Forum for Science, Industry and Business

Sponsored by:     3M 
Search our Site:

 

Starfish Strike at Coral Kingdom

17.01.2008
Outbreaks of the notorious crown of thorns starfish now threaten the “coral triangle” – the richest center of coral reef biodiversity on Earth.

That’s the finding of recent scientific surveys by the ARC Centre of Excellence for Coral Reef Studies and the Wildlife Conservation Society based at the Bronx Zoo, USA.

The starfish – a predator that feeds on corals by spreading its stomach over them using digestive enzymes to liquefy tissue – was discovered in large numbers by the researchers on reefs in Halmahera, Indonesia, at the heart of the Coral Triangle, which lies between Indonesia, Malaysia, the Philippines, Papua New Guinea, Palau and the Solomon Islands.

The Coral Triangle is considered the genetic fountainhead for many corals found on Australia’s Great Barrier Reef, Ningaloo and other reefs in the region.

The surveys confirmed that while Halmahera’s reefs are still 30-50 percent richer than nearby reefs, some areas were almost completely destroyed.

“The heart of the Coral Triangle is broken,” says Tasrif Katawijaya from the Wildlife Conservation Society’s’ Marine Program in Indonesia (WCS-IP).

Scientists fear the outbreak is caused by poor water quality, and could be an early warning of widespread reef decline.

“The main cause of damage to the corals was the Crown of Thorns Starfish,” Dr. Andrew Baird of the ARC Centre of Excellence for Coral Reef Studies and James Cook University. “We witnessed a number of active outbreaks of this coral predator. There was little to suggest that the reefs have been much affected by climate change as yet: the threats appear far more localized.”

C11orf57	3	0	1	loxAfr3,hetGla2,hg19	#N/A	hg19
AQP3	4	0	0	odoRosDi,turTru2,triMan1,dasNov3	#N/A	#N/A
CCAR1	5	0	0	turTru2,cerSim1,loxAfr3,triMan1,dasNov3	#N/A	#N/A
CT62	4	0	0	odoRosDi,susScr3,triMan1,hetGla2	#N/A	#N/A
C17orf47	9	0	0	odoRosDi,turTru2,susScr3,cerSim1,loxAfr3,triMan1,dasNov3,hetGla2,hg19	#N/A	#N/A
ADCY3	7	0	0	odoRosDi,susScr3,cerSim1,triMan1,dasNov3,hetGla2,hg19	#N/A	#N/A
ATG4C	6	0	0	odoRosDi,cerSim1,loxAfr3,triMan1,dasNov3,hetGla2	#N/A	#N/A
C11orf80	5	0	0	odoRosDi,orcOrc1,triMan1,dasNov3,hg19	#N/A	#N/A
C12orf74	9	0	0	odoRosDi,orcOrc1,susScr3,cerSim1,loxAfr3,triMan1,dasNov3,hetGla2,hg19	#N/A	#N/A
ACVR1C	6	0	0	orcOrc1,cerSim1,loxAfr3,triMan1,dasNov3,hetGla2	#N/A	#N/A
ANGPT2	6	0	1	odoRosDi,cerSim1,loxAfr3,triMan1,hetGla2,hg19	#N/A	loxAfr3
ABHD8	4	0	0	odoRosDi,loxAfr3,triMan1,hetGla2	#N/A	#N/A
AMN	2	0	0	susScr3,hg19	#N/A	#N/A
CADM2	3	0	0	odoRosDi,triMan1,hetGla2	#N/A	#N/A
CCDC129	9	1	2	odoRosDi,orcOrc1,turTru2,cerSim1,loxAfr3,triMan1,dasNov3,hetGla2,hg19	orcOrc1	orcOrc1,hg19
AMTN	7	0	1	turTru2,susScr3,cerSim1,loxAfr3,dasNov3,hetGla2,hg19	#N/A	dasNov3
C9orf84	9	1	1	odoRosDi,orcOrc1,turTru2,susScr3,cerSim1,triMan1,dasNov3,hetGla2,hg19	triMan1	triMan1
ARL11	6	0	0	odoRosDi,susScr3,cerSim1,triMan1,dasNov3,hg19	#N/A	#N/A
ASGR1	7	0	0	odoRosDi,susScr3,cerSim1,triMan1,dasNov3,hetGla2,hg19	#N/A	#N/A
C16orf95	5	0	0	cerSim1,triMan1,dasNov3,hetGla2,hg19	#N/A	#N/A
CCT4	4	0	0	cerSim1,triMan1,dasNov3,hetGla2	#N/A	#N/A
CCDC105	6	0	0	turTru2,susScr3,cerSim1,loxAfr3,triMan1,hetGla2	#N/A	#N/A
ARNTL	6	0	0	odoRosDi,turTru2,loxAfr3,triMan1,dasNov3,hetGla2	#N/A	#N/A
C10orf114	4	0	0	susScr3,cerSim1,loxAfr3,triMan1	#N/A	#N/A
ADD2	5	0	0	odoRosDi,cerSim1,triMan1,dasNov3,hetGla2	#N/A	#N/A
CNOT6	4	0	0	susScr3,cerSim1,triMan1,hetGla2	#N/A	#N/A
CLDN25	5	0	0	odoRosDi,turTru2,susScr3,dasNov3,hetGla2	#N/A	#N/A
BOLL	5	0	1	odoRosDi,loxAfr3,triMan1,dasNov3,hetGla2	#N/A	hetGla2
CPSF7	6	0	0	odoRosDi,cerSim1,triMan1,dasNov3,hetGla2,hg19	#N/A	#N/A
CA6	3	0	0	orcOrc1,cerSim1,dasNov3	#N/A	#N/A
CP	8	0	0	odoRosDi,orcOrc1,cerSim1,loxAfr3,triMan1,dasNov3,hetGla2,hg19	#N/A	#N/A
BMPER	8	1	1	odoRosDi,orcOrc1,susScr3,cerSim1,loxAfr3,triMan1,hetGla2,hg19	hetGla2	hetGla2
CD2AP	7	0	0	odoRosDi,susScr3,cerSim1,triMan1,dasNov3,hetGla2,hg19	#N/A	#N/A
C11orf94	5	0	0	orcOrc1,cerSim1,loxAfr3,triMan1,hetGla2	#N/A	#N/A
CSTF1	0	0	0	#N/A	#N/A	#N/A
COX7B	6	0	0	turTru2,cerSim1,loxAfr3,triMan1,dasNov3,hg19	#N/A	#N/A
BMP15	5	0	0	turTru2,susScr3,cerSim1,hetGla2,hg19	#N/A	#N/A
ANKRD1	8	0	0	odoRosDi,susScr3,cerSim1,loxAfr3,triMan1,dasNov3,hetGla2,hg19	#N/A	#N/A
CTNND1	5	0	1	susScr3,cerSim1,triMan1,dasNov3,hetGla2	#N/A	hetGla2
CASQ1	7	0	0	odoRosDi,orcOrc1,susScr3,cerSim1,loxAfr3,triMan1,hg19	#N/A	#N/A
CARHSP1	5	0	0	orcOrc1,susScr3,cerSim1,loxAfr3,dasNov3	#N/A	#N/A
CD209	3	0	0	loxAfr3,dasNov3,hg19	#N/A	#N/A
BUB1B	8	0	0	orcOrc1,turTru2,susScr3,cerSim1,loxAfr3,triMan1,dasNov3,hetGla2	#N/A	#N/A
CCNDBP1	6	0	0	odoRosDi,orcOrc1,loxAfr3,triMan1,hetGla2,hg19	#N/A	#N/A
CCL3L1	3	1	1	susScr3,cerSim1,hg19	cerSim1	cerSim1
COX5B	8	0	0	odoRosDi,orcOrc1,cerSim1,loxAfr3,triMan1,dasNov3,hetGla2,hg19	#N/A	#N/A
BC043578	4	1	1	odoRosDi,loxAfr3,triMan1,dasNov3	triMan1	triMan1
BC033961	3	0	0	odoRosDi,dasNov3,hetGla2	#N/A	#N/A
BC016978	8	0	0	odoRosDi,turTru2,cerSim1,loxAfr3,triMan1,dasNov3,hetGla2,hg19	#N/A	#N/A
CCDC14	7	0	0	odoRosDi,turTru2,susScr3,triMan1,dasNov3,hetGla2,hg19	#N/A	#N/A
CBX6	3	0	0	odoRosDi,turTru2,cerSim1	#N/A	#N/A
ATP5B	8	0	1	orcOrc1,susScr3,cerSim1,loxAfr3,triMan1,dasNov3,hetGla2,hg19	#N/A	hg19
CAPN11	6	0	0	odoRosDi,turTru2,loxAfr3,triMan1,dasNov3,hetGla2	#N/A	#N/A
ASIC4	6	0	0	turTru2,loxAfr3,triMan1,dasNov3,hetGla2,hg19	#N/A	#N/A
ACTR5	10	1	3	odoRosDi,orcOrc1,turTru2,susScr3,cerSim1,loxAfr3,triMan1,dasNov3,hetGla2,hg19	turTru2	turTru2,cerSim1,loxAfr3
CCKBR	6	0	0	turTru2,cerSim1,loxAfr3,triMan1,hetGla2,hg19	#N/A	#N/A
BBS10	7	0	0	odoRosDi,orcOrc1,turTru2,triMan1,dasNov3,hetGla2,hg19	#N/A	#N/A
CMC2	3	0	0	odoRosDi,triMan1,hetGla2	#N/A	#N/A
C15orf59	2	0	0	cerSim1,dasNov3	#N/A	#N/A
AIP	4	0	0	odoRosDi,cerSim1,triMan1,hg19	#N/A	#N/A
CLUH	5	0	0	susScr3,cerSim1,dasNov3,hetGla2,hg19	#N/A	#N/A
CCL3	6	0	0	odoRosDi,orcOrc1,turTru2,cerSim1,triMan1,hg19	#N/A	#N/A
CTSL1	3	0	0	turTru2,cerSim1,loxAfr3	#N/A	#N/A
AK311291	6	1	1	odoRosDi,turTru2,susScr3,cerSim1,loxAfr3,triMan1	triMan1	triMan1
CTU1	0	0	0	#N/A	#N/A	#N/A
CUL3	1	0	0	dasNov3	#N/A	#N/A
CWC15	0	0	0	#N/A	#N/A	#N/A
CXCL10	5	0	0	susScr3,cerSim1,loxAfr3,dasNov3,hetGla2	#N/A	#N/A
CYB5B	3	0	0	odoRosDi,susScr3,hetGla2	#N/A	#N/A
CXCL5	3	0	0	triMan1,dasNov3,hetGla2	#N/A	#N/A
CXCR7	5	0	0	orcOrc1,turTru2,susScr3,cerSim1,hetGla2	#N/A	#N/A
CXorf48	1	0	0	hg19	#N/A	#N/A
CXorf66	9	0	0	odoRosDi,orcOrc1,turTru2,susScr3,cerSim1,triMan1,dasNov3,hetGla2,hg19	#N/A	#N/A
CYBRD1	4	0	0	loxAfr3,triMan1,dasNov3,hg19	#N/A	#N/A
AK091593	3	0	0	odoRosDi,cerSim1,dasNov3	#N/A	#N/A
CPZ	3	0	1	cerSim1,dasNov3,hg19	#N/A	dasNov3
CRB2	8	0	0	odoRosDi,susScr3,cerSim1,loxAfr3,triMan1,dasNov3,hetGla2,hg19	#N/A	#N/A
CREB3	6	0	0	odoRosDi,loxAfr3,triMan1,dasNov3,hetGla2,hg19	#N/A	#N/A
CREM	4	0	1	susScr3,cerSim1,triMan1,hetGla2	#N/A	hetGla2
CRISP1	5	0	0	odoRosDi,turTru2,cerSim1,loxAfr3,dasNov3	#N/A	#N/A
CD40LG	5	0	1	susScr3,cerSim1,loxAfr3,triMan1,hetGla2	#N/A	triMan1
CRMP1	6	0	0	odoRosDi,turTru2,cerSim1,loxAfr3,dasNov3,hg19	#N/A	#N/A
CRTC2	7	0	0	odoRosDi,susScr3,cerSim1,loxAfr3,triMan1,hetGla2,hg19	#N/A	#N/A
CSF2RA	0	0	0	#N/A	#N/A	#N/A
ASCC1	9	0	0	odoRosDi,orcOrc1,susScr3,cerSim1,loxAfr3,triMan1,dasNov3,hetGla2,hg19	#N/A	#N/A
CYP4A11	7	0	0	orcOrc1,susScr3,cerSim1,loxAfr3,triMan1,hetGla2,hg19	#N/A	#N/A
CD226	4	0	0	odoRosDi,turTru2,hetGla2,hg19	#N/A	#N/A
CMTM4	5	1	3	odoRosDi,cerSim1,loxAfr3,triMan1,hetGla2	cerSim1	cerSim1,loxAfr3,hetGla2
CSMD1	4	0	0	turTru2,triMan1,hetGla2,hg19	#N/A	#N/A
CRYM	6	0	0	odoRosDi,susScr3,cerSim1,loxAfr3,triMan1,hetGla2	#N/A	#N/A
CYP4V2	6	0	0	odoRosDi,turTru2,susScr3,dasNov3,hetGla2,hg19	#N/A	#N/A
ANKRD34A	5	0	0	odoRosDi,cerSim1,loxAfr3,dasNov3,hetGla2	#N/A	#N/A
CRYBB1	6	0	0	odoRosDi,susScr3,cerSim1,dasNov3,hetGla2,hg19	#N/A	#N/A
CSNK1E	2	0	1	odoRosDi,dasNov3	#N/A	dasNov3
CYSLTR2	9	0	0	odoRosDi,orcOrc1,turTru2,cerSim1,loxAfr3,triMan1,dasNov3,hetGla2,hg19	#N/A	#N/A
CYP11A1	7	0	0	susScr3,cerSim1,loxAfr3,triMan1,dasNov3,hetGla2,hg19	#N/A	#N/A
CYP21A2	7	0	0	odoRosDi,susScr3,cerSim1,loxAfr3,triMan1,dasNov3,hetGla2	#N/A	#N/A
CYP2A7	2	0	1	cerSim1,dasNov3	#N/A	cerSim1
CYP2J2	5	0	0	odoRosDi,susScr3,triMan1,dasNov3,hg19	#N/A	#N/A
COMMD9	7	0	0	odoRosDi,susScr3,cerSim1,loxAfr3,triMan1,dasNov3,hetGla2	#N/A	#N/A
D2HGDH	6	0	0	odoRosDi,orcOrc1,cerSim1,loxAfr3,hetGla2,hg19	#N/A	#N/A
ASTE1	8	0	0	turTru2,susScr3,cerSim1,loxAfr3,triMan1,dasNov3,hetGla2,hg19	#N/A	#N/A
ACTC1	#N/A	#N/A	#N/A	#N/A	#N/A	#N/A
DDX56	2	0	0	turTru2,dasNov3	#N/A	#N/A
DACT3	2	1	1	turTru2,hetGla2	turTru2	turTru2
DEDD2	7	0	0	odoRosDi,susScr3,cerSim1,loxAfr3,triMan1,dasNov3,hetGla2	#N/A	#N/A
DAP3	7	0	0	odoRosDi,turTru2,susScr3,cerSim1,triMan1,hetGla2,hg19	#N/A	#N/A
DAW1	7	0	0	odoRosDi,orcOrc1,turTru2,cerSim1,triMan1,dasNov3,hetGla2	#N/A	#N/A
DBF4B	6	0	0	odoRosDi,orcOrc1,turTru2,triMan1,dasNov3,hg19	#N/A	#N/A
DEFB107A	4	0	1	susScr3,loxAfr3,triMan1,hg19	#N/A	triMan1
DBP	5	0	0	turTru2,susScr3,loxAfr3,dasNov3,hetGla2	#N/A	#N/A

The team also saw first-hand evidence of recent blast-fishing which, according to locals, accompanied the break down of law and order following communal violence in Halmahera between 2000-2003. At the same time many reef lagoons have been mined of their corals for use in construction.

“This is clearly a complex human environment, and effective management of the marine resources must seek to understand and address the causes of conflict among communities,” says Dr Stuart Campbell, Program Leader for the WCS-IP.

The researchers pointed out that there were still healthy populations of certain species – and still time to reverse the damage.

“The good news is that the reef fish assemblages are still in very good shape” said Tasrif Katawijaya from WCS-IP. “We saw napoleon wrasse and bump head parrot fish at almost every site. So these reefs have the capacity to recover if we can address the current threats.”

The Coral Triangle Initiative (CTI) announced by six regional governments at the Bali Climate Change Conference recently offers hope for the reefs in the region, the researchers say. However, there are few details of how it will work and in particular, there is, as yet, no mention of the fundamental role of research in the conservation programme.

“We are disappointed that a comprehensive research programme is yet to be outlined in the CTI. The success of large marine parks, like the Great Barrier Reef Marine Park, is due to the primary role of science in understanding what’s going on, so managers can make good decisions,” said Baird.

“It isn’t enough just to document the diversity of the region. Large scale research is required to understand the Coral Triangle ecosystems and to decide how best to respond to threats such as poor water quality and overexploitation,” Campbell added.

More information:
Dr Andrew Baird, CoECRS and James Cook University, Tel +61-(0)400 289 770; andrew.baird@jcu.edu.au
Jenny Lappin, CoECRS, + 61-(0)7 4781 4222
Jim O’Brien, James Cook University Media Office, 61-(0)7 4781 4822
Stephen Sautner, Wildlife Conservation Society press office: 1-718-220-3682; ssautner@wcs.org